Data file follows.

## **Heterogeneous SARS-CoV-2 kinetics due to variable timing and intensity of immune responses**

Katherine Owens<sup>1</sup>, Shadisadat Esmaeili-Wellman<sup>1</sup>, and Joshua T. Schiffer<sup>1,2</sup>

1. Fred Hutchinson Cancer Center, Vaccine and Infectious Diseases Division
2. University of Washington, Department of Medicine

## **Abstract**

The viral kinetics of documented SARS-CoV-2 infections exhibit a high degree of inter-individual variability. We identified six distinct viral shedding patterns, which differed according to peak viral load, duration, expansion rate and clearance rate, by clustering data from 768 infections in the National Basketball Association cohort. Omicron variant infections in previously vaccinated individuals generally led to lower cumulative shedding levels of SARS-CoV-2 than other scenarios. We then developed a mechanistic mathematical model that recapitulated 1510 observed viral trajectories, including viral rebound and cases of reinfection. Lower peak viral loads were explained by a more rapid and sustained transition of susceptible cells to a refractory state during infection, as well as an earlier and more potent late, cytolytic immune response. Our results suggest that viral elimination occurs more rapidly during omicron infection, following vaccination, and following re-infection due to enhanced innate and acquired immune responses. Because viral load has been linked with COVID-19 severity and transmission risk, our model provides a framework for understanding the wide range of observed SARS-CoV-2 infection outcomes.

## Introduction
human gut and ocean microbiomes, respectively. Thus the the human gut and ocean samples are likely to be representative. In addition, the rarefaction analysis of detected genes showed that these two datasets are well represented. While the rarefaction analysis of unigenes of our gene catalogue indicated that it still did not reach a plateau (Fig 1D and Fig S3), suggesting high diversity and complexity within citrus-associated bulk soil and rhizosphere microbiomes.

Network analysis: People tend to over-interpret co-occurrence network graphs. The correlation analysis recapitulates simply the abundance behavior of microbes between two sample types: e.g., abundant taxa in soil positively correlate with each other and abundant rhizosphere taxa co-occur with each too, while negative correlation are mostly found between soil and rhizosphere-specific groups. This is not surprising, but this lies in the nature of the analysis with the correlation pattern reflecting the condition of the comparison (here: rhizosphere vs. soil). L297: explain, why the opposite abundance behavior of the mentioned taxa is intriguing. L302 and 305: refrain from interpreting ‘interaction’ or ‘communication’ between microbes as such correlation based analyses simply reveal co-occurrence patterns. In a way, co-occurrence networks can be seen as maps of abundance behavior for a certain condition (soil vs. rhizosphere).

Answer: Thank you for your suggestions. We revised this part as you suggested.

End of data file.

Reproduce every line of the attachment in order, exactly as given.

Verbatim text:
## **Heterogeneous SARS-CoV-2 kinetics due to variable timing and intensity of immune responses**

Katherine Owens<sup>1</sup>, Shadisadat Esmaeili-Wellman<sup>1</sup>, and Joshua T. Schiffer<sup>1,2</sup>

1. Fred Hutchinson Cancer Center, Vaccine and Infectious Diseases Division
2. University of Washington, Department of Medicine

## **Abstract**

The viral kinetics of documented SARS-CoV-2 infections exhibit a high degree of inter-individual variability. We identified six distinct viral shedding patterns, which differed according to peak viral load, duration, expansion rate and clearance rate, by clustering data from 768 infections in the National Basketball Association cohort. Omicron variant infections in previously vaccinated individuals generally led to lower cumulative shedding levels of SARS-CoV-2 than other scenarios. We then developed a mechanistic mathematical model that recapitulated 1510 observed viral trajectories, including viral rebound and cases of reinfection. Lower peak viral loads were explained by a more rapid and sustained transition of susceptible cells to a refractory state during infection, as well as an earlier and more potent late, cytolytic immune response. Our results suggest that viral elimination occurs more rapidly during omicron infection, following vaccination, and following re-infection due to enhanced innate and acquired immune responses. Because viral load has been linked with COVID-19 severity and transmission risk, our model provides a framework for understanding the wide range of observed SARS-CoV-2 infection outcomes.

## Introduction
human gut and ocean microbiomes, respectively. Thus the the human gut and ocean samples are likely to be representative. In addition, the rarefaction analysis of detected genes showed that these two datasets are well represented. While the rarefaction analysis of unigenes of our gene catalogue indicated that it still did not reach a plateau (Fig 1D and Fig S3), suggesting high diversity and complexity within citrus-associated bulk soil and rhizosphere microbiomes.

Network analysis: People tend to over-interpret co-occurrence network graphs. The correlation analysis recapitulates simply the abundance behavior of microbes between two sample types: e.g., abundant taxa in soil positively correlate with each other and abundant rhizosphere taxa co-occur with each too, while negative correlation are mostly found between soil and rhizosphere-specific groups. This is not surprising, but this lies in the nature of the analysis with the correlation pattern reflecting the condition of the comparison (here: rhizosphere vs. soil). L297: explain, why the opposite abundance behavior of the mentioned taxa is intriguing. L302 and 305: refrain from interpreting ‘interaction’ or ‘communication’ between microbes as such correlation based analyses simply reveal co-occurrence patterns. In a way, co-occurrence networks can be seen as maps of abundance behavior for a certain condition (soil vs. rhizosphere).

Answer: Thank you for your suggestions. We revised this part as you suggested.